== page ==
So, the time has come for your regular quarterly planning, when your team must prioritize all incoming product asks (for product engineering teams), or engineering asks (for platform teams). In this process, you're mostly deciding how to prioritize these asks, and making sure the members of your team are on the same page.
Team charters are living documents that align team members to a common goal, and inform the organization where they can be most effective. Essentially, it explains each team's mission in writing. Instilling documents like these reduce the friction caused by project prioritization and ownership.
You don't need to be an engineering manager or tech lead to draft this document. This guide will show you how to start small and earn buy-in from your team and upper management.
Ideally, your team charter should include information about:
These items are covered in greater detail below.
Adding a few short paragraphs on the team's history can create a shared understanding of the teams identity, including challenges it faced in the past. It is a useful tool to acclimate new team members into your structure, but also to remind old members where they come from. Reviewing team history helps us appreciate accomplishments, a boon when it comes to finding motivation.
This should be a sentence or two that captures the team's responsibilities. Think about these questions when you write the team's mission statement:
Vision statements give your team direction. Your vision statement should explain what the team aspires to be, your dreams. These are some questions to consider:
Try to focus on two to three different areas, and create a vision statement for each of them.
It is essential that your team charter identify risks that could prevent the team from reaching its goals. These risks becoming a reality could start a cycle of treading water. It is everyone's job to keep an eye on these risks, and to take action when needed.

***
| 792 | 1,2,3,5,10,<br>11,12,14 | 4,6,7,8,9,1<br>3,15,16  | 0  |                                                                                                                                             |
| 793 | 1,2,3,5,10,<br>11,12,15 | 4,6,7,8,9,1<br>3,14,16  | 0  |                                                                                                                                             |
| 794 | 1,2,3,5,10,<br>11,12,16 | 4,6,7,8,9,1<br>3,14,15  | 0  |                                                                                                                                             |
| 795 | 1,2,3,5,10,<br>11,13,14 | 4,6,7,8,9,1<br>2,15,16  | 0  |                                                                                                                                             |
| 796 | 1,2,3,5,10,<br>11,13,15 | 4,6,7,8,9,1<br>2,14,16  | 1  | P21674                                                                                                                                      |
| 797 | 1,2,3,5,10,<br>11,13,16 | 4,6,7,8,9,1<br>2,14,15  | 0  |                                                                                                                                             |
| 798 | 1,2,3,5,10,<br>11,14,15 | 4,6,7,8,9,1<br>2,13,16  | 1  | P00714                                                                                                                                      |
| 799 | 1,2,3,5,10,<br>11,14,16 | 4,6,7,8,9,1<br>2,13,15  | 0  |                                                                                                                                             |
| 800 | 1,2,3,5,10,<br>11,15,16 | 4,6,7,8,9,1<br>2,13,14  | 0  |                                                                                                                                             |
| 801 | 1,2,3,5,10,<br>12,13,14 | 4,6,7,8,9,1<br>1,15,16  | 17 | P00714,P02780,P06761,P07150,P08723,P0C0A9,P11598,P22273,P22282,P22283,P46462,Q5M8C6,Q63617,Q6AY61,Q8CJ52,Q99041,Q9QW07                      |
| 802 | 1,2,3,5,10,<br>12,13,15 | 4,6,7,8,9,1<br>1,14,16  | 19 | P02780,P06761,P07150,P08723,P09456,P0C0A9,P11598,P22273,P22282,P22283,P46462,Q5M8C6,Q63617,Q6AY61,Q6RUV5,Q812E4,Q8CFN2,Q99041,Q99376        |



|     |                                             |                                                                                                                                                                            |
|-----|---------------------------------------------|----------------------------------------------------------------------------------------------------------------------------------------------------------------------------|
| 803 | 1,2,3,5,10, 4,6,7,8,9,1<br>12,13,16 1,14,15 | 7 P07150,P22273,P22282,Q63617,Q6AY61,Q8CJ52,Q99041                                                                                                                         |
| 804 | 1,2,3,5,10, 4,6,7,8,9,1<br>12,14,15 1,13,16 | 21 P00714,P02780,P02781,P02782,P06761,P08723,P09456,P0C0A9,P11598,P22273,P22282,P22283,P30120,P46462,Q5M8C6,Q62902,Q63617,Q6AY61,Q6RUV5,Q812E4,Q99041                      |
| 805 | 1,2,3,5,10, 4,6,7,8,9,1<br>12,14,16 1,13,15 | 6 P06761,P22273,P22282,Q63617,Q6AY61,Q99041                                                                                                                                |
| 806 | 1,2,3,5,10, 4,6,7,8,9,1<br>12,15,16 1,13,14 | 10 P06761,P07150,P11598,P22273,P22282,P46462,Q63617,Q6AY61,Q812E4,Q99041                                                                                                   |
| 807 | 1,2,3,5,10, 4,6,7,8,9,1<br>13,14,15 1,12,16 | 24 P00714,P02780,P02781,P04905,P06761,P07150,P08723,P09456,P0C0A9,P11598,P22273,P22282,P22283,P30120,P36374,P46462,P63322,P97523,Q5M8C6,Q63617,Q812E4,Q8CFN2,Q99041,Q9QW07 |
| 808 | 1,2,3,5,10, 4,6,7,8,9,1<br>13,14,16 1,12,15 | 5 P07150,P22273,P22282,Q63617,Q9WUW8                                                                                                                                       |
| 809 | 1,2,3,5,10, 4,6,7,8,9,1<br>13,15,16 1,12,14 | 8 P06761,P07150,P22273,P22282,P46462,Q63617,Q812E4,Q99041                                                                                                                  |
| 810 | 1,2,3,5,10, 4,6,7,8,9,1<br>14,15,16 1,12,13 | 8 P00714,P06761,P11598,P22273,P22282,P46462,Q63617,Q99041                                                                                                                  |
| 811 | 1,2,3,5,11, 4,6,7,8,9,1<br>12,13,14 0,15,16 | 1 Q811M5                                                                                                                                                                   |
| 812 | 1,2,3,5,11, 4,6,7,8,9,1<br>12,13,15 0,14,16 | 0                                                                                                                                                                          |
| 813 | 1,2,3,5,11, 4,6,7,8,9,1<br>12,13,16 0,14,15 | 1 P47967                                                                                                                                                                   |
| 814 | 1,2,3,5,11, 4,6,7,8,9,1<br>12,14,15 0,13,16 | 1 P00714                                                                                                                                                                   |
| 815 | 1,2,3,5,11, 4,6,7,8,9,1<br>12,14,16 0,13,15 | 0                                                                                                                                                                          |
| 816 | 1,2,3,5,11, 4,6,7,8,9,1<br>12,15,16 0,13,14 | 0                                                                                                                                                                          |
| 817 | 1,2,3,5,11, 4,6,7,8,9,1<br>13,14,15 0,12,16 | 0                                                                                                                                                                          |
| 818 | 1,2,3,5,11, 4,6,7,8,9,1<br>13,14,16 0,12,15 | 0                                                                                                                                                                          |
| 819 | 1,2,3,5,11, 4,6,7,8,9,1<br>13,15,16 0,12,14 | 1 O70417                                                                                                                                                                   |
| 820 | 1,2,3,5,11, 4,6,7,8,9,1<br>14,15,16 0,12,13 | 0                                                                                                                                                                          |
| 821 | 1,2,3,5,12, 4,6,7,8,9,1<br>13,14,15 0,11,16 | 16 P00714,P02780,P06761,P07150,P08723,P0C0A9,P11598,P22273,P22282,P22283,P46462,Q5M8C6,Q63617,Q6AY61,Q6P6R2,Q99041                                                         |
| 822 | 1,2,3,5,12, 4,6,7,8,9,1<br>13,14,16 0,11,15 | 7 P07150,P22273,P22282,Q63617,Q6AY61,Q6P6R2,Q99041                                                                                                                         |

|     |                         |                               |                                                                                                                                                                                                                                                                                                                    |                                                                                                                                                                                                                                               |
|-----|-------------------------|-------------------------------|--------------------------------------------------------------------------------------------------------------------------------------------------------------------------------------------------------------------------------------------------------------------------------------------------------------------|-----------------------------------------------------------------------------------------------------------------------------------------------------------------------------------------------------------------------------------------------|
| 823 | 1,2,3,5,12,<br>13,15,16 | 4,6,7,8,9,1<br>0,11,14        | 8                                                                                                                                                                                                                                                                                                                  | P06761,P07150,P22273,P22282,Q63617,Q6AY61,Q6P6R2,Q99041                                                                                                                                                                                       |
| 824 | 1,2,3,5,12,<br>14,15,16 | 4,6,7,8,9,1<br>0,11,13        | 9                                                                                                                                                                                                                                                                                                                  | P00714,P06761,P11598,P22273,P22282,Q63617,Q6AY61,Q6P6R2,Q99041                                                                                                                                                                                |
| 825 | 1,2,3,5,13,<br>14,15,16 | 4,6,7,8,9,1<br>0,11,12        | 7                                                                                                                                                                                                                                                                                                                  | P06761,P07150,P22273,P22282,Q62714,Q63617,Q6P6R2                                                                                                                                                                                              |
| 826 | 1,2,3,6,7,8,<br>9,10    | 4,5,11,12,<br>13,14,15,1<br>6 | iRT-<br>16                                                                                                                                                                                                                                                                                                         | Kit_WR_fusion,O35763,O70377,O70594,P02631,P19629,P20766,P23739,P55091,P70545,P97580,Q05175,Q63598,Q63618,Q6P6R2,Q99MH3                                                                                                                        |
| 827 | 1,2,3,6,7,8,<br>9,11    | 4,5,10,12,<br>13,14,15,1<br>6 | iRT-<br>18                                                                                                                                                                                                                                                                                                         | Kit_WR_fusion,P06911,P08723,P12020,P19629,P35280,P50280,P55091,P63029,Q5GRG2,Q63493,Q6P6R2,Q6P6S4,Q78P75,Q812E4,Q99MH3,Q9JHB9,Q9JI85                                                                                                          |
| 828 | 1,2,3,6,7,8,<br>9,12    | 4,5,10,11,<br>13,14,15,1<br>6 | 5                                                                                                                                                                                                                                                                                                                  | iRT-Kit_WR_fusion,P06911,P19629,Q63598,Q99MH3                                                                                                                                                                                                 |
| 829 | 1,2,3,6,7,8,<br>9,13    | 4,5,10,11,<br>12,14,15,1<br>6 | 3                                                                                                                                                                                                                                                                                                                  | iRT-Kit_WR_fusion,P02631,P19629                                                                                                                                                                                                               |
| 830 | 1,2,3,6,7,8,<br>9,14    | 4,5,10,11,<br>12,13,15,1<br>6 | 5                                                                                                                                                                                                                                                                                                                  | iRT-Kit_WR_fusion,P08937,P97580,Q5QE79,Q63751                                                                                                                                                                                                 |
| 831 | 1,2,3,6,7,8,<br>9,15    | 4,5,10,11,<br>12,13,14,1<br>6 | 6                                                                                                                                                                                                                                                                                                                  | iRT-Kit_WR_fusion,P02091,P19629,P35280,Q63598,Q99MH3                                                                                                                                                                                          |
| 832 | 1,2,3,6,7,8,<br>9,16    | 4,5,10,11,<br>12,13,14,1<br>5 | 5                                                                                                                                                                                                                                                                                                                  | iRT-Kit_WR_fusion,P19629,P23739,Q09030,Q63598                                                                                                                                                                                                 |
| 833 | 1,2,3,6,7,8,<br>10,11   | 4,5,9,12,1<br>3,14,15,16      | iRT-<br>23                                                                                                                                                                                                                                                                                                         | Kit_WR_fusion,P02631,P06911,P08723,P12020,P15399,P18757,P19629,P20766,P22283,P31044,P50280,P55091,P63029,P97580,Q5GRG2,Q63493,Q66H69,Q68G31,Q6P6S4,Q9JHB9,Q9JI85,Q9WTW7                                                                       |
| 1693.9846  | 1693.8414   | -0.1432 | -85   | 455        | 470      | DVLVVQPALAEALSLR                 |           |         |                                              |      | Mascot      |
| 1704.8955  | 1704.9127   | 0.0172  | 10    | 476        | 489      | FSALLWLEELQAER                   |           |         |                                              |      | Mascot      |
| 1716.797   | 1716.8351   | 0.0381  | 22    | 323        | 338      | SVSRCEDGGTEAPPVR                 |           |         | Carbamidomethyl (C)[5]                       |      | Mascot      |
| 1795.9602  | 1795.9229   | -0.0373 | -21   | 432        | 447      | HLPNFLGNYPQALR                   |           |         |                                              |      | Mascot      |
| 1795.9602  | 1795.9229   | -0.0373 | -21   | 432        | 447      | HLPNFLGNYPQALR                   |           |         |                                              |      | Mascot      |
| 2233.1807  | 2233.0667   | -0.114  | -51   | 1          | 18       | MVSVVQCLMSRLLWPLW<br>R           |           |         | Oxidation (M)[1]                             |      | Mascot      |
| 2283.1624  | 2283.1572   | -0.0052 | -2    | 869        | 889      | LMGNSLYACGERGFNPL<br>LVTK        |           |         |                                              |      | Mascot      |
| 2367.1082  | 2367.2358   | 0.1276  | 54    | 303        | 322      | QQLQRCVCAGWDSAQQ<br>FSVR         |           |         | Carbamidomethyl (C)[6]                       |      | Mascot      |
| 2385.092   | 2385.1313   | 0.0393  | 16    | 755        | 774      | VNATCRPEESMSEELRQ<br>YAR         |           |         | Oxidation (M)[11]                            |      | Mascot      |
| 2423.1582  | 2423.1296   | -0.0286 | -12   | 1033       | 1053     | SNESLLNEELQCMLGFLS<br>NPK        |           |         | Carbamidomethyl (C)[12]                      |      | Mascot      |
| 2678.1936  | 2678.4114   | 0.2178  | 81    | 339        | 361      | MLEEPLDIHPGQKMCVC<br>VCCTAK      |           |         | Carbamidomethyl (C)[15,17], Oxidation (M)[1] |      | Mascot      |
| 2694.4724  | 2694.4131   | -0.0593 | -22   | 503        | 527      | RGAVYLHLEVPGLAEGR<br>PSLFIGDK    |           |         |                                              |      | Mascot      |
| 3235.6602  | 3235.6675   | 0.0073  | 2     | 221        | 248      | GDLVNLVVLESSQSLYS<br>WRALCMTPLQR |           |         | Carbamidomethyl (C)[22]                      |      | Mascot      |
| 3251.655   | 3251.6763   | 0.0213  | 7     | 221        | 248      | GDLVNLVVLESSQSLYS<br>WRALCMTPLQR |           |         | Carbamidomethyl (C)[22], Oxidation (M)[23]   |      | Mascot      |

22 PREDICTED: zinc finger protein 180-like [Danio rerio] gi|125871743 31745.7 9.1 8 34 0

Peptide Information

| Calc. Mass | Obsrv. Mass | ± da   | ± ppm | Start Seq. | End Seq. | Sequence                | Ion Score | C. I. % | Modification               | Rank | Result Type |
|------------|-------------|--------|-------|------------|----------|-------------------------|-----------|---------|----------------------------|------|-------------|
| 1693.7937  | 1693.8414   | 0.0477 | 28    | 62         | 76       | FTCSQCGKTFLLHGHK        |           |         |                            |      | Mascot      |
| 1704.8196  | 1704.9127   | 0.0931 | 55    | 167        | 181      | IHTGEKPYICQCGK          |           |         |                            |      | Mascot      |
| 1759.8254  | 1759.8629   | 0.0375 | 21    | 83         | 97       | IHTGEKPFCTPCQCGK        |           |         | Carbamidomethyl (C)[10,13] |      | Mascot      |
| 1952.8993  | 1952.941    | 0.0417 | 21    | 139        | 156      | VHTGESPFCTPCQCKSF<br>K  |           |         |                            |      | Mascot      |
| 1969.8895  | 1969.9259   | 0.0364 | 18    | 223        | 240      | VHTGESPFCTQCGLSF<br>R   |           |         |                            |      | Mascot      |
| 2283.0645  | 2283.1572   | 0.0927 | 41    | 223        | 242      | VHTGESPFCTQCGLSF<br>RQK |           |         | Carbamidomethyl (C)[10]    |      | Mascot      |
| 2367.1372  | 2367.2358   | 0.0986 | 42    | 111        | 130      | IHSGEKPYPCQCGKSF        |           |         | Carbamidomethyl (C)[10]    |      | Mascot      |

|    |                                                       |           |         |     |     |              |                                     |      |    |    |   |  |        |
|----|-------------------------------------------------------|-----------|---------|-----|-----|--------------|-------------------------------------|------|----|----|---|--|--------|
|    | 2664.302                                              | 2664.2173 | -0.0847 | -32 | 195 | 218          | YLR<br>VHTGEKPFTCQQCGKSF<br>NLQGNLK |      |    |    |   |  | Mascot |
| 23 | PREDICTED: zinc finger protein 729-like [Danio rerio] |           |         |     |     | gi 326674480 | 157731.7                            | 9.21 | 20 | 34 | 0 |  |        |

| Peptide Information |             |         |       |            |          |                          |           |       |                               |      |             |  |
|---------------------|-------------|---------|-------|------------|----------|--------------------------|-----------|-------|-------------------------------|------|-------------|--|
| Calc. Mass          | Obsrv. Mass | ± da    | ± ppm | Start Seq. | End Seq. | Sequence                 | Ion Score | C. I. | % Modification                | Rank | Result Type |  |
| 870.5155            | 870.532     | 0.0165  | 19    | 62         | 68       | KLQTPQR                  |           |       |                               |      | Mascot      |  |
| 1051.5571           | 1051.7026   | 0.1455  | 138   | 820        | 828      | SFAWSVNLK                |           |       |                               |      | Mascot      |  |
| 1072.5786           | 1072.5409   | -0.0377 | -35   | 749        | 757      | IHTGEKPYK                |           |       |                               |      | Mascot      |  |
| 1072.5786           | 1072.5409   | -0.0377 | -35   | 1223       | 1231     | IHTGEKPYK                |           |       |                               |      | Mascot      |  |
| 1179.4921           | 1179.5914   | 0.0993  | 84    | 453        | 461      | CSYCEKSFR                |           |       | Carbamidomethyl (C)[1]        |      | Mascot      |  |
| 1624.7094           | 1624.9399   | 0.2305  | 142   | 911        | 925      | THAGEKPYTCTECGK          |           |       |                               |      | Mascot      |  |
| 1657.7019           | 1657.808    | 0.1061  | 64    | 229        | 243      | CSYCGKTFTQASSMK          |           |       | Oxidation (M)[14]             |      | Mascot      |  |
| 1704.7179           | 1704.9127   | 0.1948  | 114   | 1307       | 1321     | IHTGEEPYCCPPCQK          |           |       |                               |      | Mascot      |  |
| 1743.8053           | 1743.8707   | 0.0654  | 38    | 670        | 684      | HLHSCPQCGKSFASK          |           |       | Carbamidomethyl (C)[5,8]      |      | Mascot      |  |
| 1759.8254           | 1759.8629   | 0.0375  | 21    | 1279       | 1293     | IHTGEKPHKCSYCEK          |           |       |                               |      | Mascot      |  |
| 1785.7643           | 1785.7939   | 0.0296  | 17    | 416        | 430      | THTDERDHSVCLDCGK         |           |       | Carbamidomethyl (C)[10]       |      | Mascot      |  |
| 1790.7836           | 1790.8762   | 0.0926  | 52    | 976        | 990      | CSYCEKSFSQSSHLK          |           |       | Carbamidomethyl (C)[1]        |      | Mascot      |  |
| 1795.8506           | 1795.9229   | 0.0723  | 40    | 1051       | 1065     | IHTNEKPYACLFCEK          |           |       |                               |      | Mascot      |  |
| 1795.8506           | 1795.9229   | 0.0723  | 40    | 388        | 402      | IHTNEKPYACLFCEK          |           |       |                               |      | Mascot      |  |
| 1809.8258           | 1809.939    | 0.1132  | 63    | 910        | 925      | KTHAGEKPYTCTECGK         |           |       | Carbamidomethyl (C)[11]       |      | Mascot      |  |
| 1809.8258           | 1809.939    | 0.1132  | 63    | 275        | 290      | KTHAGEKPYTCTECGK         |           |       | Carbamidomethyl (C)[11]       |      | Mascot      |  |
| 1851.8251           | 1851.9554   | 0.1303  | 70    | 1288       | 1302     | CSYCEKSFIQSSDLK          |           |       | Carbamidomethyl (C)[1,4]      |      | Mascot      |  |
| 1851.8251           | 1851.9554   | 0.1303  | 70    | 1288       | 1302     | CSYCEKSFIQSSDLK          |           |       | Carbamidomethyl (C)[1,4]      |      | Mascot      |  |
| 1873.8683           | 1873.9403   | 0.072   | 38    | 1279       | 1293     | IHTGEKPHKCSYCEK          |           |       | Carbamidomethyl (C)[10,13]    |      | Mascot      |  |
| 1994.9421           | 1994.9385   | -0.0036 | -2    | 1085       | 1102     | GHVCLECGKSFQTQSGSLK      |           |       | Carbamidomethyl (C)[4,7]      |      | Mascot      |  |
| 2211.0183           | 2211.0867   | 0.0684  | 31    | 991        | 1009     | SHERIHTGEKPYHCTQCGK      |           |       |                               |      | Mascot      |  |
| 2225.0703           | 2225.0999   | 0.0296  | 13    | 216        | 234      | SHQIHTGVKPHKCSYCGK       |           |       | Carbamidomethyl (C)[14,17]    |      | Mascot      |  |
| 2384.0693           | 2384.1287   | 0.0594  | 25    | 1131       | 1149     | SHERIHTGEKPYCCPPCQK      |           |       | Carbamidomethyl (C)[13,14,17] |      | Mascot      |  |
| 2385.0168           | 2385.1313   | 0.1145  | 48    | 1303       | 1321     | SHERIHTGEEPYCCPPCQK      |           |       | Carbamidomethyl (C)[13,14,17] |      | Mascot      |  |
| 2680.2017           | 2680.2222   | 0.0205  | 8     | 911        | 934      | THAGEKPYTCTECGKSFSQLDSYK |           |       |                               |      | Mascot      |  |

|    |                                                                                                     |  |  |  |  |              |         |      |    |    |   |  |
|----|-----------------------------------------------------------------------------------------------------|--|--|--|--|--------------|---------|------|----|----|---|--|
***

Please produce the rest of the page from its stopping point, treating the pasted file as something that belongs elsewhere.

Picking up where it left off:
This includes a list of long-term goals that might span multiple quarters, and KPIs for each of them, so you know you're on the right track.
This is a list of projects for which the team is responsible, mainly to create clarity on ownership.
Once you have created a draft document capturing your initial thoughts, it's time to gather feedback to improve it. Start with your team first. Tell them why you made this document, and ask for their input.
After your team has agreed on the charter document's content, bring it to upper management for feedback, if necessary.
Share it with the organization, and most importantly, with your internal stakeholders. Ask for their feedback as well, and incorporate them as much as possible.
Do not weaponize your charter document. It's not meant to replace discussions around ownership and collaboration between teams, but to create clarity in a collaborative fashion.
Make it a priority to revisit and update team charters once per quarter, ideally before quarterly plannings. If you don't do quarterly plannings, update them before any other scheduled plannings. In a team setting, ask questions like these:
It's good practice to link your charter document in the communications you send to the organization. This ensures that all teams have the most up-to-date mission statement, and are aware of the company's goals.